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Specification by Example: How Successful Teams Deliver the Right Software

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Specification by Example is an emerging practice for creating software based on realistic examples, bridging the communication gap between business stakeholders and the dev teams building the software. In this book, author Gojko Adzic distills interviews with successful teams worldwide, sharing how they specify, develop, and deliver software, without defects, in short iterative delivery cycles.

About the Technology

Specification by Example is a collaborative method for specifying requirements and tests. Seven patterns, fully explored in this book, are key to making the method effective. The method has four main benefits: it produces living, reliable documentation; it defines expectations clearly and makes validation efficient; it reduces rework; and, above all, it assures delivery teams and business stakeholders that the software that's built is right for its purpose.

About the Book

This book distills from the experience of leading teams worldwide effective ways to specify, test, and deliver software in short, iterative delivery cycles. Case studies in this book range from small web startups to large financial institutions, working in many processes including XP, Scrum, and Kanban.

This book is written for developers, testers, analysts, and business people working together to build great software.

Purchase of the print book comes with an offer of a free PDF, ePub, and Kindle eBook from Manning. Also available is all code from the book.

What's Inside

Common process patterns How to avoid bad practices Fitting SBE in your process 50+ case studies For additional resources go to specificationbyexample.com.

249 pages, Paperback

First published June 1, 2011

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About the author

Gojko Adzic

18 books145 followers
Gojko Adzic is a partner at Neuri Consulting LLP, winner of the 2016 European Software Testing Outstanding Achievement Award, and the 2011 Most Influential Agile Testing Professional Award. Gojko's book Specification by Example won the Jolt Award for the best book of 2012, and his blog won the UK Agile Award for the best online publication in 2010.

Gojko is a frequent keynote speaker at leading software development conferences and one of the authors of MindMup and Claudia.js.

As a consultant, Gojko has helped companies around the world improve their software delivery, from some of the largest financial institutions to small innovative startups.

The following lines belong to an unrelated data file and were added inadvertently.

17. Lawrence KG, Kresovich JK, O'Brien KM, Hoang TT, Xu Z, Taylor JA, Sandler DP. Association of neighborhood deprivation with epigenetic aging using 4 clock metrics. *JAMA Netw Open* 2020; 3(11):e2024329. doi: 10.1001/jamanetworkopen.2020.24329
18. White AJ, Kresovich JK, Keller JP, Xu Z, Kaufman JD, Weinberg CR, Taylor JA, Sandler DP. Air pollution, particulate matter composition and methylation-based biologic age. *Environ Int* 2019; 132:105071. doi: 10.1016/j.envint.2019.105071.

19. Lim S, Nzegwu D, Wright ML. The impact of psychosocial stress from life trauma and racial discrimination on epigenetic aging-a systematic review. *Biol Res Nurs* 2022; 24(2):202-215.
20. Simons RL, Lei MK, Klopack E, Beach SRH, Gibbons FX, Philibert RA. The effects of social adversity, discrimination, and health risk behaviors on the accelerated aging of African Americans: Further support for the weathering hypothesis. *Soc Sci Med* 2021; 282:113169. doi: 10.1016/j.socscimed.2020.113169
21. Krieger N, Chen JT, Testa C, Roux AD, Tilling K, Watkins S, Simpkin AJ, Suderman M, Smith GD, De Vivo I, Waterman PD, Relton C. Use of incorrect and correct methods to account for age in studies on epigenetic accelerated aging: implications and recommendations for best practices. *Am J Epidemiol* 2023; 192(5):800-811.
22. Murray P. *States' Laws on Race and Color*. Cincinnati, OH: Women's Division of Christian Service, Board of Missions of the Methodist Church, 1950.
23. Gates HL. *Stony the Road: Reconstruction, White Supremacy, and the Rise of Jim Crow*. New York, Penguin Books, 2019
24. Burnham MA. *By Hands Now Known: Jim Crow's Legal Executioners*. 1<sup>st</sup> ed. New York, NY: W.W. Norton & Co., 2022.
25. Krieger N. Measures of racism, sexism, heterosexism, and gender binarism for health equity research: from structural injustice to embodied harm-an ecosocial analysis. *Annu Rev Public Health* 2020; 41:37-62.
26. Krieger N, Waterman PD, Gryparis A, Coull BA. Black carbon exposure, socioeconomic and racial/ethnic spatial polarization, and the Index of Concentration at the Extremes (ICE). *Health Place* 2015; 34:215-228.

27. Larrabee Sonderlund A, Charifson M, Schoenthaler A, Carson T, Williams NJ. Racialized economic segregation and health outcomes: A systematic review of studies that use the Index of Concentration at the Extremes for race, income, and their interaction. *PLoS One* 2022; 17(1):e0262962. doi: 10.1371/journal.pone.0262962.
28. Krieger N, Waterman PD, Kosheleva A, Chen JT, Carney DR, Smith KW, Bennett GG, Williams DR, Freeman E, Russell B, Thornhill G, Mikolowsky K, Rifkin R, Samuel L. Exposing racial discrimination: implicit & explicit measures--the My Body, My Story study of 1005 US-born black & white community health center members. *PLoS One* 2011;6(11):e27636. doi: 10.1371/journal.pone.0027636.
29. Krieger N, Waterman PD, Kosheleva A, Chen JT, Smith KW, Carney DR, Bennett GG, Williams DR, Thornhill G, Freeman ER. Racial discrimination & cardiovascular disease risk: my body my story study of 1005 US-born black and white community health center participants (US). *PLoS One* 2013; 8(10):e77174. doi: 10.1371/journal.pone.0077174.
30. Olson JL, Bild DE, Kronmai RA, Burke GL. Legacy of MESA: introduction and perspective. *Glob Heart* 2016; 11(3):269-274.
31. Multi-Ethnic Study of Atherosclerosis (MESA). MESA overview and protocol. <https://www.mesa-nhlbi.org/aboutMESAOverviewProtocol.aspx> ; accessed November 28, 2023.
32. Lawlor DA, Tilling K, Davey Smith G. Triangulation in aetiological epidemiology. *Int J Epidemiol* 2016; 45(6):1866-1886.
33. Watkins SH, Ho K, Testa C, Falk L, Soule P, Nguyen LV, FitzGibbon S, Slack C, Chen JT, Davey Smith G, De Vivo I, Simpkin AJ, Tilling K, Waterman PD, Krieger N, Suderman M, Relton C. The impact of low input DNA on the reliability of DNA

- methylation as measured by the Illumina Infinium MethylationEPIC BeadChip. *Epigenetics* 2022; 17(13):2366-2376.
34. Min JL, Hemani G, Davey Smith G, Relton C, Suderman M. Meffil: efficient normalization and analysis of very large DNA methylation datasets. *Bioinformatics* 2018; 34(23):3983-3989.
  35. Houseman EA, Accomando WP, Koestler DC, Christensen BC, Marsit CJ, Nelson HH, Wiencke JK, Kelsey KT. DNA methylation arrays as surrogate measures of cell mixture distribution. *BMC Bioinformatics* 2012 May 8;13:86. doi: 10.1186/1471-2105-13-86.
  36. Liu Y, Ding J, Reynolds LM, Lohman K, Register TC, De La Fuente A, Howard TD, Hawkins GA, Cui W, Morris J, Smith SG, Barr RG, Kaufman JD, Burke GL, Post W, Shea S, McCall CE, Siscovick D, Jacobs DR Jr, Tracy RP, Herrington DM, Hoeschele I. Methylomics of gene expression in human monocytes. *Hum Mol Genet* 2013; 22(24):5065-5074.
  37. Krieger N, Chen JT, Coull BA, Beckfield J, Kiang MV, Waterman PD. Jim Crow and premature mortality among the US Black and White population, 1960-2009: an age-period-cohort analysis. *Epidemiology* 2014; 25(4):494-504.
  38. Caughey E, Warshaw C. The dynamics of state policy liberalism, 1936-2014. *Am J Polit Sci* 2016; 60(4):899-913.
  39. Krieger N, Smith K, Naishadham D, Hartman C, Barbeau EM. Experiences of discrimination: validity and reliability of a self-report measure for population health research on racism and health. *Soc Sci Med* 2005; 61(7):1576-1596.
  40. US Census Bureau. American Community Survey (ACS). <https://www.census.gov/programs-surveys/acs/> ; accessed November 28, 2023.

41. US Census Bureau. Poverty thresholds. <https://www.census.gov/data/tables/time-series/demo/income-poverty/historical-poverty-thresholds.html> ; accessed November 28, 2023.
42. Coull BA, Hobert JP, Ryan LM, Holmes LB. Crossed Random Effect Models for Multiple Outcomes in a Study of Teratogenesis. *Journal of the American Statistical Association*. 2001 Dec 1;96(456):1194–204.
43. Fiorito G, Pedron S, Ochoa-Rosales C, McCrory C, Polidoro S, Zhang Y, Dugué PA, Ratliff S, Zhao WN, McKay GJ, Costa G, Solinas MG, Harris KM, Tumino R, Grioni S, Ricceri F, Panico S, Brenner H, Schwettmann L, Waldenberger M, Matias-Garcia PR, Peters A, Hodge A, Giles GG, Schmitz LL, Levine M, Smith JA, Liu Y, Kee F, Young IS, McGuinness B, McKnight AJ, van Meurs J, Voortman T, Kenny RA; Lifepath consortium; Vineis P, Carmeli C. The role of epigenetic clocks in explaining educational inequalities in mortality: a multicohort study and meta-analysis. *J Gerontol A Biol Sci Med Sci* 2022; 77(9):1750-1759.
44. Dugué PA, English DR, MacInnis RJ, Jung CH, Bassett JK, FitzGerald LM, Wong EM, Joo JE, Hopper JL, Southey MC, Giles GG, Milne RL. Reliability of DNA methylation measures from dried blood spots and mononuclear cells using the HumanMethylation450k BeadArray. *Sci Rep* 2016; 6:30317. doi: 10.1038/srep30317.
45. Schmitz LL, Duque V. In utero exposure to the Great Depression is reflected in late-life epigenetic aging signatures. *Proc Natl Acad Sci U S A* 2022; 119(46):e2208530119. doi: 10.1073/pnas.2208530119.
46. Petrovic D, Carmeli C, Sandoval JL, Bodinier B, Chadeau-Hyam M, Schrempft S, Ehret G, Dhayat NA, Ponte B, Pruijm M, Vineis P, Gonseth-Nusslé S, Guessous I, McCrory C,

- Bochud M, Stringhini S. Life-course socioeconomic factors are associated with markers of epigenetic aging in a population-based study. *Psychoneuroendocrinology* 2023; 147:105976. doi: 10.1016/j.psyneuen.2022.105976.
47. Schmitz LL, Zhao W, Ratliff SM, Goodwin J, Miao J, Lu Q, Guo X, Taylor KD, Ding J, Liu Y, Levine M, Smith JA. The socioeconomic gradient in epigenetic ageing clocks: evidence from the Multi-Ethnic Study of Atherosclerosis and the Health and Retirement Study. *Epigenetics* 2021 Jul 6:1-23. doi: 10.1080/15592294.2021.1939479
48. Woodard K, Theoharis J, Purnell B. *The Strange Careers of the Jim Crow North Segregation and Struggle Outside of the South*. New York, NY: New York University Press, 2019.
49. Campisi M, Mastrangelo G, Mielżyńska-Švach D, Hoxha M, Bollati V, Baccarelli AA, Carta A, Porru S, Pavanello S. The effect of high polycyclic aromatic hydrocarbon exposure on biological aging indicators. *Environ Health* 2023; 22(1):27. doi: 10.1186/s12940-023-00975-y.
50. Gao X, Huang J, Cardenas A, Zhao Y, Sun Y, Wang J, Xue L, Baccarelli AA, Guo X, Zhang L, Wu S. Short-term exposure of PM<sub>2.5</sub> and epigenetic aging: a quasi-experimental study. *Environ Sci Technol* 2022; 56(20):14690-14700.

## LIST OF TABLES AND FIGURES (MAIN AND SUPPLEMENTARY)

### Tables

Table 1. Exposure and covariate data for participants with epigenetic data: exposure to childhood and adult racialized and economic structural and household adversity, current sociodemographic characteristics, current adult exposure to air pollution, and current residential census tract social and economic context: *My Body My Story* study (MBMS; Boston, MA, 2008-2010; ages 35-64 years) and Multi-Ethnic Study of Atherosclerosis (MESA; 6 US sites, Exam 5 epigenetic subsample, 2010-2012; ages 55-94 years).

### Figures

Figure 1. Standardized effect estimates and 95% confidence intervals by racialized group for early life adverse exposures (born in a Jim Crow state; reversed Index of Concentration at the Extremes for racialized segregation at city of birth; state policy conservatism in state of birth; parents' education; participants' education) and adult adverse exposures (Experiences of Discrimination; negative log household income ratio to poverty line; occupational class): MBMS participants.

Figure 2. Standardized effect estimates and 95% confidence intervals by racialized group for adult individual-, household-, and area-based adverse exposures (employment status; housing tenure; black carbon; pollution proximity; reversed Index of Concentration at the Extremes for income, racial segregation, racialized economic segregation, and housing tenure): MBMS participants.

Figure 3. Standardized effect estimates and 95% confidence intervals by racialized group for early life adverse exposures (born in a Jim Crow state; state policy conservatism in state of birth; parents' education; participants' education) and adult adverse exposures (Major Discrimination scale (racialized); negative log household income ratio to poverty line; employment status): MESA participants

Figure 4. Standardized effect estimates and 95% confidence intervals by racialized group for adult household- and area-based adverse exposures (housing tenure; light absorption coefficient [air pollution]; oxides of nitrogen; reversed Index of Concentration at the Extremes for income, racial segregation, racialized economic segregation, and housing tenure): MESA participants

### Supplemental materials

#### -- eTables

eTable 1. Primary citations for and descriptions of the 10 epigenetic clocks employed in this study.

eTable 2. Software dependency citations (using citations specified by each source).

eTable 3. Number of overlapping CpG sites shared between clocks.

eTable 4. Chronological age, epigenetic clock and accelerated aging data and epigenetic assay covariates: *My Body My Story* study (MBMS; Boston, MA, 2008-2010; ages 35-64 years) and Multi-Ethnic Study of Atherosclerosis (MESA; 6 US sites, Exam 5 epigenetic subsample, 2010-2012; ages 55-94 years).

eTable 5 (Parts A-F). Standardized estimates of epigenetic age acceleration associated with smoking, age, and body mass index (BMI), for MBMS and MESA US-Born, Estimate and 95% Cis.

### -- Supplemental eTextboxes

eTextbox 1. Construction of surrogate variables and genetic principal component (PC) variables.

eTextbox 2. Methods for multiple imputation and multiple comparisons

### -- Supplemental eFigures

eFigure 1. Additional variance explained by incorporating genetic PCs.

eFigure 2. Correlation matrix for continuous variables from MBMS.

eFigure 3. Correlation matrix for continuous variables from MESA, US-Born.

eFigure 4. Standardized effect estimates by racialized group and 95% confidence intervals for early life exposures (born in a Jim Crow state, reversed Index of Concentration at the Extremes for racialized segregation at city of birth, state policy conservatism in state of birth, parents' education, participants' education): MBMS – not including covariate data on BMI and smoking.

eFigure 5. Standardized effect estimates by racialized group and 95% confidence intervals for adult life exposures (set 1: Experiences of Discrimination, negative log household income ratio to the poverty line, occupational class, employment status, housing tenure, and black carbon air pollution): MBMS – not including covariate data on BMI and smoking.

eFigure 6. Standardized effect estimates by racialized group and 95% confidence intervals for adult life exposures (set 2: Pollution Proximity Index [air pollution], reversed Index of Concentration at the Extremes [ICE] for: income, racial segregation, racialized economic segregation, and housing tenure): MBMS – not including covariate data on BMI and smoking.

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Displaying 1 - 30 of 63 reviews
Profile Image for Stijn.
71 reviews
March 11, 2019
The book offers some very good ideas and is an interesting read, but it's too repetitive to me. You keep reading the same arguments and explanations over and over again, without going into concrete examples. It would have helped if the book contained a full blown actual example of the artifacts that are produced by SBE, and not just describing what the process is.
Profile Image for André Heijstek.
30 reviews2 followers
January 15, 2013
The majority of the book is just an expansion of the praise pages typically found in USA books.
Never the book become concrete on HOW to create good test specifications.
Profile Image for Algirdas.
21 reviews1 follower
September 10, 2019
I agree, that ideas in this book are very repetitive. But I think it is worth to go and collect those ideas. Really recommended to read for those who has less experience in software development process.
Profile Image for Lance Willett.
167 reviews13 followers
March 8, 2016
Enjoyed this overview of a testing methodology that brings in BDD principles to automated software testing environments. It's a bit too complex for my needs, yet I love the idea of capturing everyone's opinion in specification (business owners, testers, developers, analysts) — as well as the philosophy of living documentation.

Two favorite bits:

1. Functional requirements, specs, and acceptance tests are the same thing.
2. Don't just disable failing tests — either fix the problem or move to a set of low-priority regression tests that don't run as often or alert in the same way.

Hat tip: Alister Scott.
Profile Image for Luboš.
412 reviews53 followers
September 8, 2016
I was about to not finish the book at all because it the introduction was to talkative. But it started be more interesting from the chapter 4. The main message I took is to use behavior-driven development (BDD) e.g. Cucumber but not be focused on tool itself. I would appreciate examples of specification by example, which are not there.
Profile Image for Andy.
19 reviews
January 2, 2012
I like the concepts in this book about having a living documentation system through testing. There are real-world, high-level case-studies, but I would like to have seen more examples of actual tests and tools.
Profile Image for Sicofonia.
276 reviews
June 8, 2020
Specification by Example is a book that brings together practices such as BDD, ATDD, etc. into one work. The recurrent theme behind it is how many teams have evolved their testing practices over time to reflect the system specification as living documentation, using tests written in abstract, high level language to that effect.